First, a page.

There are good reasons to dislike wind. I'm not talking about a soft breeze, but a wind that is strong enough to be irritating or dangerous.
One of the reasons Vertis and I moved back to Arkansas from Texas was because of the wind. When we lived in Portland, a bedroom community of Corpus Christi, a 25 mile-per-hour wet wind off the Gulf was normal, and every woman wore a chiffon scarf to cover her hair when she was out on the street.
Corpus Christi has a strip of land near sea level running along the shore of a bay, and a bluff where the business section is located. One night we were standing on the bluff to watch the Buccaneer Days Parade as the first band sounded from the bayfront and the color guard stepped out to march with the Texas and U. S. flags flapping in the wind.
As they marched up the bluff, they began to struggle to hold the flags upright, and as they passed us they lost the battle. The wind had whipped them, and they furled the flags. We weren't surprised, nor was anyone else who lives in south Texas.
We moved to south Texas right out of college and had just settled in when the TVs and radios blared a hurricane warning that Hurricane Carla was bearing down. So we headed for cover.
The hurricane took a jog north and nailed the town of Victoria, and all we got was 40-plus mph wind and rain. Over the next 12 years, we were sideswiped a couple of times. Then came Celia, and we got hammered with a storm that demanded putting the kids in the bathtub, draping a blanket over them, and huddling on the floor as both houses on either side of us lost their roofs.
That hurricane started out as barely a Category 1 from 75 miles offshore before turning into a Category 4 with sustained winds of 150 miles per hour and gusts recorded at 180 miles per hour. We rode it out.
One of my favorite movies is
"Fargo." I think there is only a barbed-wire fence between Fargo, N.D., and the North Pole. The line I remember comes from police chief Marge Gunderson, who has just solved a gruesome murder: "How could someone do such a terrible thing on a nice day as this?"
She was driving her police vehicle along a snow-packed road with the wind howling. I've heard preachers rail that sinners would be sent to a burning hell; while that sounds bad, I would rather be sent to a hot hell than to a frigid Fargo.
My dislike for cold wind started when I was the Norphlet paperboy. Skinny as a rail, I couldn't put on enough clothes to keep warm on those cold January mornings. When it's below 30 degrees, I don't care if the weather forecaster tells me it feels as if it's 26 degrees. My feels-like meter says it feels as if it is zero.
A cold wind is bad, but it's nothing like a hot, dusty wind full of sand. I went through three sandstorms while in Libya.
The first came straight out of the desert and descended on Benghazi like a cloak of hot gritty doom. We were alerted by a fellow geologist to get ready for the sandstorm, which the Libyans call a ghibli. I really didn't think a 35- to 40-mph wind from the desert would be a big problem, since we were used to winds of that velocity in south Texas, but I found out quickly that a 35-mph wind blowing off the Gulf of Mexico is a minor irritant compared to a 35-mph wind blowing from a sandy desert.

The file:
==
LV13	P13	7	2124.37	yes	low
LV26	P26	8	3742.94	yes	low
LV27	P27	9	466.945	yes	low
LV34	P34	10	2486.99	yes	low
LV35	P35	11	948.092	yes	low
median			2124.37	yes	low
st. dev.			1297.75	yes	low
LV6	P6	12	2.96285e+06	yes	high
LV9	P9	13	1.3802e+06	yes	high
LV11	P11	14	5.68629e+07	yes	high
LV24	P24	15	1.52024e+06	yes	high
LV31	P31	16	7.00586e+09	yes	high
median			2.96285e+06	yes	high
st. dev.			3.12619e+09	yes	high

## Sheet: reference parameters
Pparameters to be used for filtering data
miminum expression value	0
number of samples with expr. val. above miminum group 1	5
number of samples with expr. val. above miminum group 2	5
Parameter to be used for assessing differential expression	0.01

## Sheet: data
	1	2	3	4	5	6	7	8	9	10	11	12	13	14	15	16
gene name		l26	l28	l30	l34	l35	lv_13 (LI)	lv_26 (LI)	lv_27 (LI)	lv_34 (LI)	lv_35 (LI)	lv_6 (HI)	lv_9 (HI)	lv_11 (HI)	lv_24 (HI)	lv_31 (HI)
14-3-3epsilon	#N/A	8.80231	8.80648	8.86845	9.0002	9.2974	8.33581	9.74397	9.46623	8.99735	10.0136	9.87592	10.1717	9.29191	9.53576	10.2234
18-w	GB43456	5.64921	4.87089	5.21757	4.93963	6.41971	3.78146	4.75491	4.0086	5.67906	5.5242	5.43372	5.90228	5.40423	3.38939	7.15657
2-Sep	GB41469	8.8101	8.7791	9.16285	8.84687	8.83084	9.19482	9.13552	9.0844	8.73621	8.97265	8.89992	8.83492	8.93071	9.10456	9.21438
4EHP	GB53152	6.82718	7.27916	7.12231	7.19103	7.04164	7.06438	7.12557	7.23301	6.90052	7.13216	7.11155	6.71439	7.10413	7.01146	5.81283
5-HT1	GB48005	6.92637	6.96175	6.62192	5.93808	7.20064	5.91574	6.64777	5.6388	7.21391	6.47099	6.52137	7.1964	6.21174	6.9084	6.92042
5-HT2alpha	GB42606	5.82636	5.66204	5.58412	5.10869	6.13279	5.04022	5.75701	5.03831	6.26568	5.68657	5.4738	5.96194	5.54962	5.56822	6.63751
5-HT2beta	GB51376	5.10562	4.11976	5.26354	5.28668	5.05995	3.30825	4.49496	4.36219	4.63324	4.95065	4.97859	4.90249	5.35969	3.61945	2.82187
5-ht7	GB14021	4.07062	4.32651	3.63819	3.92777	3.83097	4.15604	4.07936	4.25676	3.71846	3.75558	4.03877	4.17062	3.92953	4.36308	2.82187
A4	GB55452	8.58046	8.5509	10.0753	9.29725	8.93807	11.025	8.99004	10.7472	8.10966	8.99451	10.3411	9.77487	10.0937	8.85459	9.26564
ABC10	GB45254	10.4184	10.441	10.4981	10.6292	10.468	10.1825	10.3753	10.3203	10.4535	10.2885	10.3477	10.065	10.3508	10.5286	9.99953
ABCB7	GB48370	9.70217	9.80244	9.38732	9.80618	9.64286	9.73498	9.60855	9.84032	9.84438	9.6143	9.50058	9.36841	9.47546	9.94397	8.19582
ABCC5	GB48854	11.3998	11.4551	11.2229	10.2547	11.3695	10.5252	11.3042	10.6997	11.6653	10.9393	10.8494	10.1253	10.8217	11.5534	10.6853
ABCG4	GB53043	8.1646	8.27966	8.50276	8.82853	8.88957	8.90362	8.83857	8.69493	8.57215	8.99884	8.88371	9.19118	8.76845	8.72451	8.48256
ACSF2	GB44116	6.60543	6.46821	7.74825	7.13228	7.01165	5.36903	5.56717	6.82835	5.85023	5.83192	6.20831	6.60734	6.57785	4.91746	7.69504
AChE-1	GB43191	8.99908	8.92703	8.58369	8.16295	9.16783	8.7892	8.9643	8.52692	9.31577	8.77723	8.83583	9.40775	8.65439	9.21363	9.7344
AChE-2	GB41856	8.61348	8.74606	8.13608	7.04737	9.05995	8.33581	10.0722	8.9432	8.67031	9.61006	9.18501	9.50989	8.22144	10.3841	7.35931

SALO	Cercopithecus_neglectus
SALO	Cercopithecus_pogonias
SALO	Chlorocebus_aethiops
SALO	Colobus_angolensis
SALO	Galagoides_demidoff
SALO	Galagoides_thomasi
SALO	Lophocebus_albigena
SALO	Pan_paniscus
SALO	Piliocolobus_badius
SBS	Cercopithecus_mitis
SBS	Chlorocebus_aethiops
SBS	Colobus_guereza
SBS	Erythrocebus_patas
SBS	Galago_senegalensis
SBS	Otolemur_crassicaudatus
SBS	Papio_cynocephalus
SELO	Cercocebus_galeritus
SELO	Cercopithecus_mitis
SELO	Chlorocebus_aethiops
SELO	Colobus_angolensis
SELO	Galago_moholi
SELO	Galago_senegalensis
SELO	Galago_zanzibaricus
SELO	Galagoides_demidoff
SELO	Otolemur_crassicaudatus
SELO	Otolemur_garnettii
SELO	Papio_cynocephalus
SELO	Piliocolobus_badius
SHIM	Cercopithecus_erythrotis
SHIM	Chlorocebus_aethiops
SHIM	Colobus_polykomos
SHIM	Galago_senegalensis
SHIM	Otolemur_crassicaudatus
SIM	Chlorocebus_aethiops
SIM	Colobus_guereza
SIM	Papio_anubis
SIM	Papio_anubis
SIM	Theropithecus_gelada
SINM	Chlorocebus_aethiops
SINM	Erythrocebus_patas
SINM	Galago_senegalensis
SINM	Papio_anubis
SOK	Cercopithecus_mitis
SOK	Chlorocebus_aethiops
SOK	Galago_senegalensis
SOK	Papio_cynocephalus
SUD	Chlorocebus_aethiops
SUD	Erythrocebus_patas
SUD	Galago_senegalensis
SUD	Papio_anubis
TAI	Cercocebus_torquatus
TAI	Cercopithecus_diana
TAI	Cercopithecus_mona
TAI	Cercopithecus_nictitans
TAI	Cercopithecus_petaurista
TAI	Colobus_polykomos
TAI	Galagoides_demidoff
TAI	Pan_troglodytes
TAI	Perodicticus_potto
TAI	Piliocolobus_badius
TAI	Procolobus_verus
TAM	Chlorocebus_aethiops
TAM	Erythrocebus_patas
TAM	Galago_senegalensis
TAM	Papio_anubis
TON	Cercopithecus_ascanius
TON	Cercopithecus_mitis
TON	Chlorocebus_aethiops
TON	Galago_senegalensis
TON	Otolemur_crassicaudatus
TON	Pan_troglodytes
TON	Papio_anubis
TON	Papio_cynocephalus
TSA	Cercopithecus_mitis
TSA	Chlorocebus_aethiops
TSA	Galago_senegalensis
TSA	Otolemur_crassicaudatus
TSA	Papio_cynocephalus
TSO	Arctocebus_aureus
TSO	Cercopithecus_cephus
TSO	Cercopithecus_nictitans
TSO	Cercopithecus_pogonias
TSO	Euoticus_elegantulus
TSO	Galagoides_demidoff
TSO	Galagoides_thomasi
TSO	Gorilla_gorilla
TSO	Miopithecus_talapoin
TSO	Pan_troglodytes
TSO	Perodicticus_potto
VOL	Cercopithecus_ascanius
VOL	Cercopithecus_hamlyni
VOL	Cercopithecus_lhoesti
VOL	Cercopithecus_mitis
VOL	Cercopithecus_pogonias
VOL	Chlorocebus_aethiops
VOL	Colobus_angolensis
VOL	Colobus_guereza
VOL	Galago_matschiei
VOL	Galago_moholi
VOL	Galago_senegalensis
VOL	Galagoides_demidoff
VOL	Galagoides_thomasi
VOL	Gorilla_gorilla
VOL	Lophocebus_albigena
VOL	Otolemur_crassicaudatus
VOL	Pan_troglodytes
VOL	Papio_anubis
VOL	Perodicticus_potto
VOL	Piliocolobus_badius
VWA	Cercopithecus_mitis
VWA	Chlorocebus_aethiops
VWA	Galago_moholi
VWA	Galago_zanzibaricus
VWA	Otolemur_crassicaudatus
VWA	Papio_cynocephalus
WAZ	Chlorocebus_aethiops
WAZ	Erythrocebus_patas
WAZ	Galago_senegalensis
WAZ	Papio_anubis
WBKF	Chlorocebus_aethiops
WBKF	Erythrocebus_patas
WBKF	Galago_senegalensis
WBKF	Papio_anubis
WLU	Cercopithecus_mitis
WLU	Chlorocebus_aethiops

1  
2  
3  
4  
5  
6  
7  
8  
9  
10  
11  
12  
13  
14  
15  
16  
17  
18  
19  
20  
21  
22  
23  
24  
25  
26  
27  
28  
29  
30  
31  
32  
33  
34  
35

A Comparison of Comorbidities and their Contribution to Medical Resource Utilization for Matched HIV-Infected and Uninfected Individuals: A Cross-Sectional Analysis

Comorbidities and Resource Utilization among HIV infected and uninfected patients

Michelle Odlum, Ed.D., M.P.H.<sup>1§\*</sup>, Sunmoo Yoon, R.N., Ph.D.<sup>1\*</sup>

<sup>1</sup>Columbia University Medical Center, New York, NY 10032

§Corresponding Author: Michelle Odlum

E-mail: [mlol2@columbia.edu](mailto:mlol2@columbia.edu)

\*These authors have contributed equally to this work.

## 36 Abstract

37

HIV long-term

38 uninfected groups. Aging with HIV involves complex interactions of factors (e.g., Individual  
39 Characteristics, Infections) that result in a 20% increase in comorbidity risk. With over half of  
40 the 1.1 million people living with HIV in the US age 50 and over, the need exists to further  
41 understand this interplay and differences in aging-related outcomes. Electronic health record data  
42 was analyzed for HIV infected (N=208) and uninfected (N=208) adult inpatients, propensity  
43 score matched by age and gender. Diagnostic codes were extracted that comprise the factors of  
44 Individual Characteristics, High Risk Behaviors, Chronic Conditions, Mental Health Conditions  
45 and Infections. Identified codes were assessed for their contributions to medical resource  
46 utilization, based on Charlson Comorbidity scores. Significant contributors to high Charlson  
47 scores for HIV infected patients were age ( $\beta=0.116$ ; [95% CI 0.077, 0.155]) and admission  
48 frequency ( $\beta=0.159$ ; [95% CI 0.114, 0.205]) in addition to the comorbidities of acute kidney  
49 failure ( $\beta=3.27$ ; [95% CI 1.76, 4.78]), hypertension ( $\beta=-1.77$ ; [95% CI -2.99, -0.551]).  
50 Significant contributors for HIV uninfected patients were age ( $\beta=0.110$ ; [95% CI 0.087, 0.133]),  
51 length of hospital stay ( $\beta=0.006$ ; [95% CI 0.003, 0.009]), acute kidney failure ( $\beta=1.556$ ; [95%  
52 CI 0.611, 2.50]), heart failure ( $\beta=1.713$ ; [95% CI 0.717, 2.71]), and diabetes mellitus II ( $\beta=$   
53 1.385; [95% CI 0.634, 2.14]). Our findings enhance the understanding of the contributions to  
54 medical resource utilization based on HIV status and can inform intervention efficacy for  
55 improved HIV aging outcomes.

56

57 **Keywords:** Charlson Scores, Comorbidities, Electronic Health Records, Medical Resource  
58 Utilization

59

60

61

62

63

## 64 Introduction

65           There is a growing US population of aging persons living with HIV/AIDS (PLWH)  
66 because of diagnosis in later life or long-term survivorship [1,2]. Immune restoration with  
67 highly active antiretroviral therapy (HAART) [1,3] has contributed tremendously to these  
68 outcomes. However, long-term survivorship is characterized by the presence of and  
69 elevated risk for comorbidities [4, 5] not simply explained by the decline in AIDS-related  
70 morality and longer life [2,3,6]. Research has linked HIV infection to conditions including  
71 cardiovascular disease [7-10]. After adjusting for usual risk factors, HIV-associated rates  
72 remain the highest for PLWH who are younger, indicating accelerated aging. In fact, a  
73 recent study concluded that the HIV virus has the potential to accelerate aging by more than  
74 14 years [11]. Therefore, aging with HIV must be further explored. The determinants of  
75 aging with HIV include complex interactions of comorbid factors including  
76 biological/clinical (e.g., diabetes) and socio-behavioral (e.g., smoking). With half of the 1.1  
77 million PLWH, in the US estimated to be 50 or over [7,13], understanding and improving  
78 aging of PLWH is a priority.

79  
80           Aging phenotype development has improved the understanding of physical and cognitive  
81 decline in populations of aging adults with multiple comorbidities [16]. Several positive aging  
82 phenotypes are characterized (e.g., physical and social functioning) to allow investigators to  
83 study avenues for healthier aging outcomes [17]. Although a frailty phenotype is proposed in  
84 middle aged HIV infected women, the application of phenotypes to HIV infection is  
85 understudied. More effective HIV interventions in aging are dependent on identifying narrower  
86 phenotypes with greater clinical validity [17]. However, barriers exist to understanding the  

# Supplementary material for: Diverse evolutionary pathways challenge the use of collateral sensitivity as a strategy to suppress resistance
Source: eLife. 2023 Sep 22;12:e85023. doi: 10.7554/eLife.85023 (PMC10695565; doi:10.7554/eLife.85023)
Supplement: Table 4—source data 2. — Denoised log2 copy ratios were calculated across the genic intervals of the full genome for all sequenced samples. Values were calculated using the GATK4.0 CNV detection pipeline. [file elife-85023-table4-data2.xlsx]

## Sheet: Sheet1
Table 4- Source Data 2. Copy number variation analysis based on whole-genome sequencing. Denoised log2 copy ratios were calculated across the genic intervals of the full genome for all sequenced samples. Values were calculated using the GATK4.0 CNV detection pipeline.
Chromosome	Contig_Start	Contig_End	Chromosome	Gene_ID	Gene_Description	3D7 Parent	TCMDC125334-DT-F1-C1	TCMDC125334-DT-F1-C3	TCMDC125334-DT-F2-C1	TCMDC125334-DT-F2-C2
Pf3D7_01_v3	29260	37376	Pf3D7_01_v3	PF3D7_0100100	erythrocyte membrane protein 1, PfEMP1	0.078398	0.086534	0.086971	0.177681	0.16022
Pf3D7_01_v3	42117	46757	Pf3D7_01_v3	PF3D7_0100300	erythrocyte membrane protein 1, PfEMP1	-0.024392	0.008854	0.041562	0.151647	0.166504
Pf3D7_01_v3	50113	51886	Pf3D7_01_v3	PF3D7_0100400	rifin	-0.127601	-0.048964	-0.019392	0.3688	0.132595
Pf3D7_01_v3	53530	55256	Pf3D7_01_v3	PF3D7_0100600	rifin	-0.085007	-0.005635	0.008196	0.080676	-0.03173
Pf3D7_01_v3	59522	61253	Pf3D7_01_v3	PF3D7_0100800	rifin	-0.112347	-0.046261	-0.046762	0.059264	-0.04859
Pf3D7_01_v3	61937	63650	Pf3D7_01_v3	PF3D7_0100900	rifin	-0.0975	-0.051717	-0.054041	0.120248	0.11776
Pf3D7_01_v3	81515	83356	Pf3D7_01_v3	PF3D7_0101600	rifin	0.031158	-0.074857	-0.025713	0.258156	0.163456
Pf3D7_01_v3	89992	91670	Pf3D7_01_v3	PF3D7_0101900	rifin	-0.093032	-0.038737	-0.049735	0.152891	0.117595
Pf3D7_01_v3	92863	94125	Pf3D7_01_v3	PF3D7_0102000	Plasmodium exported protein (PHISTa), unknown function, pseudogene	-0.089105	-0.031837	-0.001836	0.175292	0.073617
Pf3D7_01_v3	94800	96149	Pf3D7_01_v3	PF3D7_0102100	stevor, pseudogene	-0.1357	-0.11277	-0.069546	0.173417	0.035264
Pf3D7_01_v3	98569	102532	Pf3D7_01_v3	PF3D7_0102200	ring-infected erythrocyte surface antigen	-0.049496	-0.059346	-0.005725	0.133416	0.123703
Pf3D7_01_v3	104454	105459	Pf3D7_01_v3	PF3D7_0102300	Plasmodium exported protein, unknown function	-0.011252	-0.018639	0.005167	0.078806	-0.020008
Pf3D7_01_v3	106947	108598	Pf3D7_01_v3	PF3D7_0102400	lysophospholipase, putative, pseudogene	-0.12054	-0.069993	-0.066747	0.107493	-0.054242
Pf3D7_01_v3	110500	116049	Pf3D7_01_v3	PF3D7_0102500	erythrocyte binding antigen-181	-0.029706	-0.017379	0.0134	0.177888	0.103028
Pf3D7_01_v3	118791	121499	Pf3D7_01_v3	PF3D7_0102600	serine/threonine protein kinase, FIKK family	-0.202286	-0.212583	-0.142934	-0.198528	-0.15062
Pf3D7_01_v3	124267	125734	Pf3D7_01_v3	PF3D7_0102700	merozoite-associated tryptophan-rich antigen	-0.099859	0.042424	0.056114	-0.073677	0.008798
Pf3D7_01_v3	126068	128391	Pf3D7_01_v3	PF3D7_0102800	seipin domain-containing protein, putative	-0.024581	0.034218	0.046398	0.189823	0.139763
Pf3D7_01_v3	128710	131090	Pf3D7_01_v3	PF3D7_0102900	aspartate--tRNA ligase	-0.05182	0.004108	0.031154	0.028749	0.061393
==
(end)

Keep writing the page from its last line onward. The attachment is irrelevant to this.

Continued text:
We tried to do everything the geologist advised to get ready. Our house had windows with shutters, which I thought would be enough, but our friend told us to tape them so that nothing could get in.
"Richard," he said, "the dust and sand from the ghibli will fill your house if you don't seal off every crack."
I didn't believe him, but we taped off all doors and windows and waited for the ghibli to arrive. It was right on time. We didn't have any problems at first, but after a couple of hours I noticed our house was beginning to fill with dust. After another couple of hours, it was bad enough to try and do something.
I rechecked all the windows and doors and couldn't find any opening that would let the dust in. Finally, I came up with a plan: We would close off our bedroom, seal the bedroom door shut, put up our standup Sears fan, and drape a wet towel in front of it. Then we would lie on the bed, breathing through wet washcloths.
As we lay there, Vertis asked, "How long is this ghibli going to last?"
I remembered the day before when I was talking to Mohammad, our night watchman, gardener, and yardman, about that.
"Vertis, Mohammad said they always last an odd number of days, like one, three, or five. He said there was one which lasted 11 days."
"Oh, my God!" Vertis yelled.
We were lucky, because that night the ghibli passed over Benghazi. The next morning the sun was out, and we were faced with the dirtiest house you can imagine.
I had two more ghibli experiences while working in the desert. Trying to fly down to a rig near the Algerian border into a big ghibli was nearly the last flight of my life.
Then I drove south from Benghazi to see Lady Be Good, the American plane that had its navigation system knocked out while bombing Italy in World War II, got off course, and landed in the central desert. Coming back, I encountered a ghibli and was lost for 14 hours.
Cemetery work update: Sunday, Dec. 13, 40 degrees and rain. Cold and wet Denny Palmer, Larry Post, Rob Reynolds, and Richard Mason hit the cemetery with clippers, cutters, and a battery-powered chain saw. An amazing amount of work was accomplished to preserve a bit of Union County history.
Email Richard Mason at email@example.com.